Why businesses should use Double Declining Balance method?

Understanding Double Declining Balance for Business

Imagine Sarah, a small business owner, standing in her busy coffee shop looking at the shiny new espresso machine she just installed. While important for her business, this machine will lose its value over time. 

The double declining balance approach will help her with this. It is a valuable tool in accounting to quickly track the decreasing value of the machine in its initial years. This reduces her tax burden and ensures that her books accurately reflect the equipment's depreciation. Many entrepreneurs, like Sarah, can use this method to increase financial health and strategic planning.

Here's everything you need to know about the double-declining balance method of depreciation. 

What is depreciation?

Depreciation is an accounting process that involves spreading out the cost of an asset over its lifespan. Essentially, it tracks the gradual decrease in the value of an asset as time passes. Companies include depreciation in their financial reports and tax filings to ensure that the expenses of using an asset align with its diminishing worth over time.

Let's talk about two popular methods for depreciating assets: the straight-line method and the double-declining balance method. The Straight-Line Method is commonly used because it's simple to calculate - the depreciation amount remains constant every year. But this approach has a flaw, as assets don't depreciate consistently each year. On the other hand, with the double-declining balance method, depreciation is higher in the beginning and decreases over time as the asset ages.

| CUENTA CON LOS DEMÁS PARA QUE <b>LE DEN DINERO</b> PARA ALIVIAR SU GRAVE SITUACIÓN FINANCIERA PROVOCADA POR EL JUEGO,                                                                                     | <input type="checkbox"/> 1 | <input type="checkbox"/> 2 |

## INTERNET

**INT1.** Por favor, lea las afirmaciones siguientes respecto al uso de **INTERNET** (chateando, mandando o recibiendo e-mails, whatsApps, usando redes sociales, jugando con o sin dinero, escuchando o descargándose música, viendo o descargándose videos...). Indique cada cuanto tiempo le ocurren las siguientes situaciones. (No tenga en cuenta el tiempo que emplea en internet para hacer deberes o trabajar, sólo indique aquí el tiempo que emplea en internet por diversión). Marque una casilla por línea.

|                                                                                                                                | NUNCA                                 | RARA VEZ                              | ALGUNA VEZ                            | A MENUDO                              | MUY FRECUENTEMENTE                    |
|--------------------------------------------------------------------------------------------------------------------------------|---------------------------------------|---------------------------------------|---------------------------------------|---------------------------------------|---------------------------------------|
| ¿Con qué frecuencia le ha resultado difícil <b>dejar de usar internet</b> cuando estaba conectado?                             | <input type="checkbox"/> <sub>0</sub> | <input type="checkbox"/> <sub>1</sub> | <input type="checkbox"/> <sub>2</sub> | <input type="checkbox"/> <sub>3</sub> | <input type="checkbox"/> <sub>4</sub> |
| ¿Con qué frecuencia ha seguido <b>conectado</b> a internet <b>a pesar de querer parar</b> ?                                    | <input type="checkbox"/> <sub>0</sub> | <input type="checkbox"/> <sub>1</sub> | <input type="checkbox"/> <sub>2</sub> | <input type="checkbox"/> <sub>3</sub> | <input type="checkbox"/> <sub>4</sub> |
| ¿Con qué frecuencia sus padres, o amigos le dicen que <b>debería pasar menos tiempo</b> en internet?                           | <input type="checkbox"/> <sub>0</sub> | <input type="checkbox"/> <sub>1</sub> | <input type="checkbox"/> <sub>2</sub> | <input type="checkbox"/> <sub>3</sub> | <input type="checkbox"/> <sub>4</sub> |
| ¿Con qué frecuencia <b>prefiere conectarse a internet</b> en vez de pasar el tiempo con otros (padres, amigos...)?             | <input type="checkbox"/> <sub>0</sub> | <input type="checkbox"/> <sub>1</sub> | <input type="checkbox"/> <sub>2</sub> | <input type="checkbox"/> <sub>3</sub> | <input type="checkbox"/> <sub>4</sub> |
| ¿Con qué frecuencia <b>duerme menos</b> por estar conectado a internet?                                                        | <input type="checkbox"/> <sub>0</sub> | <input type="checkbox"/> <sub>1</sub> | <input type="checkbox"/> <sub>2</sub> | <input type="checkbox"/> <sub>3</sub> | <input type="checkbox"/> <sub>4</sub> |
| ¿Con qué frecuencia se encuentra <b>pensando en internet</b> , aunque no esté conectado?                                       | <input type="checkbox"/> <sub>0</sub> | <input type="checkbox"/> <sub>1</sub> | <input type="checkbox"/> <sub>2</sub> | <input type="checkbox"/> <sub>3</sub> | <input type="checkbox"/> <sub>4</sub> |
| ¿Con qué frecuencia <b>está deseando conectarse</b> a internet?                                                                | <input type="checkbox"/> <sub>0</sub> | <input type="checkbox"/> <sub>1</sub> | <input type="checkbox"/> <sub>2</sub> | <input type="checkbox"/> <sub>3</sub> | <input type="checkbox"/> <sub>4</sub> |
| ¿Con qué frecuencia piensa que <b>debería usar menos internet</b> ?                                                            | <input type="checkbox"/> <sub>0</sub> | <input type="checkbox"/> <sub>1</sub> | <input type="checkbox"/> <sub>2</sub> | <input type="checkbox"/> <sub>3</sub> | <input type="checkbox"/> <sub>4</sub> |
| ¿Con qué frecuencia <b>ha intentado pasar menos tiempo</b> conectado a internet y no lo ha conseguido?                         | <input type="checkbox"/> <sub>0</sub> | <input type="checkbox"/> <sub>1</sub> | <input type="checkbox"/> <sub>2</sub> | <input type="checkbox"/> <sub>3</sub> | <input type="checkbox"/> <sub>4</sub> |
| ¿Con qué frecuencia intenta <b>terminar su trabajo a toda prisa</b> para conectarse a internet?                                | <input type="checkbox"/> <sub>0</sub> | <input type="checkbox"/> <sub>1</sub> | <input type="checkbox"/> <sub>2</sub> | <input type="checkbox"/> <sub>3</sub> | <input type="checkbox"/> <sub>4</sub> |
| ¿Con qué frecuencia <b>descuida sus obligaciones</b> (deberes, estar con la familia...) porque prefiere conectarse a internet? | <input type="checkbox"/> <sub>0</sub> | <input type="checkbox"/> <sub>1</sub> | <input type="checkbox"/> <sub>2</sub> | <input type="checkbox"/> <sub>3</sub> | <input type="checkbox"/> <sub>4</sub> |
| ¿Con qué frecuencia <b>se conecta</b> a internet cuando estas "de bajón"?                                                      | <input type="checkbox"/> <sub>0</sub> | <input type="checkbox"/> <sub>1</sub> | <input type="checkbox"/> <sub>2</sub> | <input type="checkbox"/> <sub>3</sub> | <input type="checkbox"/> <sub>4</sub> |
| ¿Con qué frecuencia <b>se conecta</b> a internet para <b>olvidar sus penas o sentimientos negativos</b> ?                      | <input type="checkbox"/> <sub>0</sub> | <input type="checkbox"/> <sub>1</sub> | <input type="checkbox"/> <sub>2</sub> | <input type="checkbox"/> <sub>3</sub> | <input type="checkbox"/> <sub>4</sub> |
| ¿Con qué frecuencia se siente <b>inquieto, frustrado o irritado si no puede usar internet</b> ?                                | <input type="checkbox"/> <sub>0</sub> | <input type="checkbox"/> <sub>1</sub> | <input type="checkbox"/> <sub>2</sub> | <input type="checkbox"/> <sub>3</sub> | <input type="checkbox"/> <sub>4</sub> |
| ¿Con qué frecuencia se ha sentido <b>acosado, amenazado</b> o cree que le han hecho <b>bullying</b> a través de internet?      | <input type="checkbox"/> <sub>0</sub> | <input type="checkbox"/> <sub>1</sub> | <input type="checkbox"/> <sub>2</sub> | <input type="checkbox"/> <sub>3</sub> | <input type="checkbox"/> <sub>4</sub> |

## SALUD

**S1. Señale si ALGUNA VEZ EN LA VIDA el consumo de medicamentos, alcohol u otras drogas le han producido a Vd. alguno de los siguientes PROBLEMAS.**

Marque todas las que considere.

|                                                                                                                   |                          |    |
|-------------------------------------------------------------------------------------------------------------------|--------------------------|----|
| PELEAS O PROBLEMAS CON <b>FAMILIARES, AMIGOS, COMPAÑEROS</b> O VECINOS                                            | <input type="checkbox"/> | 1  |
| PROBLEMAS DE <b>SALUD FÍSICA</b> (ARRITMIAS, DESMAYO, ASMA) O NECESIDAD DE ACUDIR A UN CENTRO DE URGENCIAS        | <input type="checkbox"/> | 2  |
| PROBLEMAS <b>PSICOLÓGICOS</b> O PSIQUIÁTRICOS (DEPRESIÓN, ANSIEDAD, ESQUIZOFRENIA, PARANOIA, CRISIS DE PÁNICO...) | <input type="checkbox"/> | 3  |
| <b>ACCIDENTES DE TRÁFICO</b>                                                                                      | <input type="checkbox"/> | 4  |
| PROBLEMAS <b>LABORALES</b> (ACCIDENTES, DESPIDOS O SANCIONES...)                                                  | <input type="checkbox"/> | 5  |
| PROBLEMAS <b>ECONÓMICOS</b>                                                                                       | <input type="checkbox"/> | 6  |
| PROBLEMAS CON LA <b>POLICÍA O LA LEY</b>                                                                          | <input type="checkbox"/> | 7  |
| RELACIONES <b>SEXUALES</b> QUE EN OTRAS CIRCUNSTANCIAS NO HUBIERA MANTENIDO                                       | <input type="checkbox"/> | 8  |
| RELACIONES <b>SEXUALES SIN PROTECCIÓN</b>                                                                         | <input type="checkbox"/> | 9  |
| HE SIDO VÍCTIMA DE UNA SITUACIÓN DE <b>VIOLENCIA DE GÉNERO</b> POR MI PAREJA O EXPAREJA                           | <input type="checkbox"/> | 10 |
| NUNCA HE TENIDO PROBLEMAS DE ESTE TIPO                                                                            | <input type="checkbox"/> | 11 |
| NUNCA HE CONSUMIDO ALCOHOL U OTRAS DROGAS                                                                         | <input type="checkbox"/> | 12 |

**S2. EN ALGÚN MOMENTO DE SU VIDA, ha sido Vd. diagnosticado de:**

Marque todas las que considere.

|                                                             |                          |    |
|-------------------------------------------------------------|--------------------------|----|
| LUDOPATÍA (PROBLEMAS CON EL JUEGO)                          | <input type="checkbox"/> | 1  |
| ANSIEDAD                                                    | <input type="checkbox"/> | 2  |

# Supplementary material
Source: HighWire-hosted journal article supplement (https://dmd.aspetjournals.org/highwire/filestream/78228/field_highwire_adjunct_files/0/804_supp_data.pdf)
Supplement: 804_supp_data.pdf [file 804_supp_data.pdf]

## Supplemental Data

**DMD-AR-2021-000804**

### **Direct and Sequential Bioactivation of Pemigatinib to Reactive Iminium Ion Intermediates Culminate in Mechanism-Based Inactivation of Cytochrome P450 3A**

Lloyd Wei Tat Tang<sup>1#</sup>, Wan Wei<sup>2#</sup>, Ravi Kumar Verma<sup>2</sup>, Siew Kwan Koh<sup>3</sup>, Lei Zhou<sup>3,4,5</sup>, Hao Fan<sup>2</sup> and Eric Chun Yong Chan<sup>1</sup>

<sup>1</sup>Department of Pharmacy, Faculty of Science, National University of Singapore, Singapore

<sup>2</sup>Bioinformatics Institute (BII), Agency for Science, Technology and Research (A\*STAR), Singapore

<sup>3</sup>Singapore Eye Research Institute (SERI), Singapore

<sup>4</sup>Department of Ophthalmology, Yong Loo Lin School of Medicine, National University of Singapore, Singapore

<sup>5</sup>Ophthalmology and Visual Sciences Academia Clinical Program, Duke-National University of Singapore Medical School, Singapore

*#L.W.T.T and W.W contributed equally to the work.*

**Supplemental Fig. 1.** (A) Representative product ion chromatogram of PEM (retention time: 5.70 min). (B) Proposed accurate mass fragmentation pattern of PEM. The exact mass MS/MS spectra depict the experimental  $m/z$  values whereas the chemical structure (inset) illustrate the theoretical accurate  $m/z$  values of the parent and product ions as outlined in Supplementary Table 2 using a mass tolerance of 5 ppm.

The straight-line method calculates depreciation based on the asset's purchase value, while the double-declining balance method uses the asset's book value, which changes annually. The former is more traditional, while the latter provides a more realistic view of asset depreciation.

Also read: Form 1120

What Is the double-declining balance method of depreciation?

The double-declining balance depreciation (DDB) method, also referred to as the reducing balance method, is a popular approach businesses use to track the cost of a long-lasting asset. 

The double-declining balance approach speeds up the depreciation of an asset, causing it to lose value more quickly than alternative methods. It is more efficient as it mirrors the decrease in an asset's value resulting from technological advancements. In contrast to traditional methods that rely on past values for depreciation calculations, this method determines depreciation based on the present worth of the asset.

Depreciation = 2×SLDP×BV 


SLDP = Straight-line depreciation percent

BV = Book value at the beginning of the period​

Example of double-declining balance

Let's say a company purchases equipment for $10,000, with an expected lifespan of 5 years and a salvage value of $2,000. 

Using the straight-line method, the annual depreciation would be $1,600 (($10,000 - $2,000) / 5). 

To apply the double-declining balance method, Calculate the straight-line depreciation rate as 1/5 = 20%. Double this rate to get 40%. 

The depreciation for each year will be Year 1: 40% of $10,000 = $4,000. Year 2: 40% of $6,000 ($10,000 - $4,000) = $2,400. Continue decreasing by 40% annually until reaching the salvage value.